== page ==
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How can level crossing safety in Australia improve?

Discourse at government and industry levels continues on how to improve level crossing safety across Australia

Over the past decade, addressing safety around Australia’s numerous level crossings has been a priority for state governments, with the likes of the Victorian government introducing a widespread level crossing removal plan around the state. The need for level crossing safety measures intensified following a New Year’s Eve incident where two train drivers collided with a heavy vehicle in South Australia and tragically passed away. 

Courtesy of calls from Australian Trucking Association (ATA) chair David Smith and Rail, Tram and Bus Union (RTBU) assistant national secretary Shayne Kummerfeld, these calls for a national level crossing safety focus are now being heard by the federal government.  

National Transport Research Organisation (NTRO) rail executive director Natalie Loughborough says that, with more than 23,000 level crossings across Australia, there is no silver bullet to fixing the Australian level crossing safety problem. 

“Safety is paramount in any environment where we are looking at interactions that involve road and rail vehicles, cyclists and pedestrians,” Loughborough told ATN. 

“As an organisation, we believe it’s concerning if there are any incidents or accidents at level crossings, the vision towards zero is where we want to be.” 

TrackSafe Foundation executive director Heather Neil says the removal of all these crossings is an unrealistic possibility. Loughborough says that if one crossing per week was removed, it would still take 500 years to remove every crossing. 

Despite this figure, states such as Victoria have put in place projects to help remove level crossings. Across all of Melbourne, it has so far removed 74 level crossings since 2015, with the aim of removing 110 level crossings by 2030.  

“This project removes the risk to drivers, pedestrians, the train driver and the rail workers who obviously are also involved in incidents when they occur,” Neil told ATN.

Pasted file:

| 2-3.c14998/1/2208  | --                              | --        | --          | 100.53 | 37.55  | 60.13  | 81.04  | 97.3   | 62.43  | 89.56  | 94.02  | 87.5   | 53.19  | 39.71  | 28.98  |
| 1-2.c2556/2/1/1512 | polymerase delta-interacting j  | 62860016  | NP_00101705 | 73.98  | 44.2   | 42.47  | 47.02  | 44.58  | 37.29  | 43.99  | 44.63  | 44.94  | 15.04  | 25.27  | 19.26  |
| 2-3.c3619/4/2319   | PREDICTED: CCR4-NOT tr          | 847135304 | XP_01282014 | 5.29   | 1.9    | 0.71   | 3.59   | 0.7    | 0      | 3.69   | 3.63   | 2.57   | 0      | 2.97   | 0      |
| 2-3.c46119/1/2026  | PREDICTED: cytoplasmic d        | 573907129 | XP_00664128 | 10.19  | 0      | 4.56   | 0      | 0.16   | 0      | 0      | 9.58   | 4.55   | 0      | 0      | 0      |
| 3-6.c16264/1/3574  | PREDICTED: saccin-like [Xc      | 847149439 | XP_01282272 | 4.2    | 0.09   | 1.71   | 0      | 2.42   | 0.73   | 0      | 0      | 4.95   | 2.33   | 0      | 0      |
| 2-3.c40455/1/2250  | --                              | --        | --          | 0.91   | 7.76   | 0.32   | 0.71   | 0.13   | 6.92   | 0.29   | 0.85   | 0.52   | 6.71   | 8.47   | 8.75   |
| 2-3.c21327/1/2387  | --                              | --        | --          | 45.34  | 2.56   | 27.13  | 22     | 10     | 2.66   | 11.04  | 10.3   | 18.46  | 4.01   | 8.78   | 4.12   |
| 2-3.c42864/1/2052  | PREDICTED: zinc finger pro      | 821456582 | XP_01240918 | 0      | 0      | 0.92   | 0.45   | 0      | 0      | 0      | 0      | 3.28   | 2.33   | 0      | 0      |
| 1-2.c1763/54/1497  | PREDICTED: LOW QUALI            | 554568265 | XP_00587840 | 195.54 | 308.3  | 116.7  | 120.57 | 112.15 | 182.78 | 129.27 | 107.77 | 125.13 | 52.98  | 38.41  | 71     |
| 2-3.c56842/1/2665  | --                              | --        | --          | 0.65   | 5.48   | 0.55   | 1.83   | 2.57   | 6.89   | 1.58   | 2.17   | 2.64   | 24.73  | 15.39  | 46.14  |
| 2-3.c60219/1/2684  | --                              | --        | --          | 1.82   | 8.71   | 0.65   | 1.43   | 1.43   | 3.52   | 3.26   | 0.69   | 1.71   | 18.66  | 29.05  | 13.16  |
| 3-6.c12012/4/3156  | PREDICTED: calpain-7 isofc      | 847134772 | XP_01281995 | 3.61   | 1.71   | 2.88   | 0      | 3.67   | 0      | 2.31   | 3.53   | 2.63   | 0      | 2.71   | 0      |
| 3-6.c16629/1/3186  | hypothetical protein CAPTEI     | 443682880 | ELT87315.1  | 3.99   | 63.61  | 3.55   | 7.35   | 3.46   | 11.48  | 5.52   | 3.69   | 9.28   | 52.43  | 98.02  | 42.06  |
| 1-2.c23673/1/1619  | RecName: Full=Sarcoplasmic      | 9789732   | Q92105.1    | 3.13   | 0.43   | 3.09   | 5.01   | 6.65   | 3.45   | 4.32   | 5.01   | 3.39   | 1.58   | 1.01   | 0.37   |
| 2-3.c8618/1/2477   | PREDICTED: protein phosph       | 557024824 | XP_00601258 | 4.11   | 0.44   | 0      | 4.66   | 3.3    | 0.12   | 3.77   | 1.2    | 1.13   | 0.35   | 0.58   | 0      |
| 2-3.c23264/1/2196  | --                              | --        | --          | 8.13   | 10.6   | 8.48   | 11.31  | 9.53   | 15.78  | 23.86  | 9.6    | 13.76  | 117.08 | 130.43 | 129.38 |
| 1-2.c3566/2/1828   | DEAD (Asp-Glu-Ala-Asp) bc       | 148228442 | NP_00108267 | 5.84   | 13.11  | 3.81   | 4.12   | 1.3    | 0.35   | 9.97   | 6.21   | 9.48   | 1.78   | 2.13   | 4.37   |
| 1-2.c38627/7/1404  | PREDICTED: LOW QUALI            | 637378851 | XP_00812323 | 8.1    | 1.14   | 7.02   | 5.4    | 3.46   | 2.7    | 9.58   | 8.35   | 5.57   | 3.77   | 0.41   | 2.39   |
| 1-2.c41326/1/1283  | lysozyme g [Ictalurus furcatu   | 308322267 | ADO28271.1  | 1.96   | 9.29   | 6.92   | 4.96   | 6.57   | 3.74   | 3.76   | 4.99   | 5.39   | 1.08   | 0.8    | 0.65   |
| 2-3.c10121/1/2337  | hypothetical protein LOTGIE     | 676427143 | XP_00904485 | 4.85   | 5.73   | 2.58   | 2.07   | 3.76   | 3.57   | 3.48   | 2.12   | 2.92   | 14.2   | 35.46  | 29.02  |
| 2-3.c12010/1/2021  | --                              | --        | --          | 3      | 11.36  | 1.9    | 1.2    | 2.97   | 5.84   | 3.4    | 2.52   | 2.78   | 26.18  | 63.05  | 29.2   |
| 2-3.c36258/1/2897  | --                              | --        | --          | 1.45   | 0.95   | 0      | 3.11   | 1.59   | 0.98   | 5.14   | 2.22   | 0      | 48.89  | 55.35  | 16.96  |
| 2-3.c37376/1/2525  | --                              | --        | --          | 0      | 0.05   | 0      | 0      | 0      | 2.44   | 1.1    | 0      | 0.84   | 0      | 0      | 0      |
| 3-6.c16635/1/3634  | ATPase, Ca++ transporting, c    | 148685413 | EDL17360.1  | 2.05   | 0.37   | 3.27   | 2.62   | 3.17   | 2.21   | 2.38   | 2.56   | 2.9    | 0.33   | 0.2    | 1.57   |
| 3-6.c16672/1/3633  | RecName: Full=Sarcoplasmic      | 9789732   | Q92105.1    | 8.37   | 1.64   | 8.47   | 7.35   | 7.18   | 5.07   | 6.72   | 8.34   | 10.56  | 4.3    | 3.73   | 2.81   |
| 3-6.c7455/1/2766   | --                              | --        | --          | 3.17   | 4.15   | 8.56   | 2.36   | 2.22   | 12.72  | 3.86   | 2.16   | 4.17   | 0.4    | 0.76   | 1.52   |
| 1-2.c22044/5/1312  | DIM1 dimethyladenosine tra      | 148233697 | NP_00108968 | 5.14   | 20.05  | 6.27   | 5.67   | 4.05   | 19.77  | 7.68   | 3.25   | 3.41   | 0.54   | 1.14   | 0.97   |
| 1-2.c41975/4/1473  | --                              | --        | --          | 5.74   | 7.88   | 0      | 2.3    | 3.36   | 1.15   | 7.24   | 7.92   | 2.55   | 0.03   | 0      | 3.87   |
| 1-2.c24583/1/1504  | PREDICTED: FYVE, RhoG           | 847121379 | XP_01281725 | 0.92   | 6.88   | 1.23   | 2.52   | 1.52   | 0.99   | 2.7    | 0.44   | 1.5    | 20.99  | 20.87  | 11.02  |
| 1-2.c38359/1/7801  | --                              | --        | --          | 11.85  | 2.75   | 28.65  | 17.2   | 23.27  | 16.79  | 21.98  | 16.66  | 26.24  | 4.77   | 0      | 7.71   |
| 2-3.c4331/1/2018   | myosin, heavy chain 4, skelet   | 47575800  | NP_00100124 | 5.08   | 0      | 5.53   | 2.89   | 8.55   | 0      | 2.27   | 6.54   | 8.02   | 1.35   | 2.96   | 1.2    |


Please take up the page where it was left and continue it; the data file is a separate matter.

While Victoria has put in the work, the level crossing toll across Australia remains high. Between July 1, 2014, and December 31, 2022, the NTRO found that there’s been 322 collisions, 49 serious injuries and 39 fatalities at these crossings involving either pedestrians or vehicles. On top of this, there were more than 7,839 near hits during that period. 

Loughborough says a multi-disciplinary approach is key into reducing these figures. The multi-modal approach is something that the NTRO is taking onboard through its research into this issue. 

Amongst its wide range of research includes looking into train visibility at level crossings on behalf of the Office of National Rail Safety Regulator (ONRSR) in 2021. Through this research, the NTRO, known back then as the Australasian Centre for Rail Innovation, found 30 potential controls to improve level crossing visibility. 

Under the NTRO title, it has also evaluated the integration of augmented and secondary augmented level crossing warning systems, particularly for regional areas. CCTV footage and NTRO’s technology assets have also been used to capture and assess activity impacting level crossing safety. 

Image: Taras Vyshnya/

“There’s a whole host of different pieces of work that the NTRO have done with a lot of partners and industry suppliers to provide the best solutions,” Loughborough says. 

On the other hand, Neil says that a holistic approach needs to be taken to remove the risk associated with level crossings. Neil says that using new innovative technologies, such as a laser alert system, is key into increasing level crossing safety along with improving visibility. 

One company using innovation and technology has been Rio Tinto. Neil says at Rio Tinto’s iron ore site in the Pilbara region of Western Australia, it uses a wide range of technology to help detect if someone is within a level crossing on the route. 

Organisations such as the TrackSAFE Foundation and the RTBU have also called on a different approach from law enforcement into penalising drivers who fail to obey level crossing laws. Neil says law enforcement is essential in the government’s approach of improving level crossing safety. 

“There’s not as much enforcement at level crossings as we would like to see. Anything more is going to be beneficial,” Neil says. 

Loughborough says that there’s a place for enforcement, but it needs to start with a more educational approach to help people make the right decisions in the first place. An improved educational and enforcement approach has been recognised in the federal government’s new National Level Crossing Safety Strategy. 

Solutions, such as leveraging innovative technology and identifying early, low-cost and effective safety improvements, were also identified. Developing data and increasing coordination and knowledge shared by those responsible for level crossing safety was also a part of the strategy’s agenda. 

A level crossing safety roundtable to be held in Brisbane was also announced. Neil, along with TrackSAFE and ARA chair member Danny Broad, have welcomed this announcement. Despite this, both Neil and Broad say more needs to be done by the rail industry and government beforehand. 

“The importance of railway crossing safety cannot be overstated. Everyone deserves to arrive home safely,” Broad says. 

“We welcome the opportunity to participate in the upcoming roundtable, but a shared approach needs to be the starting point.” 

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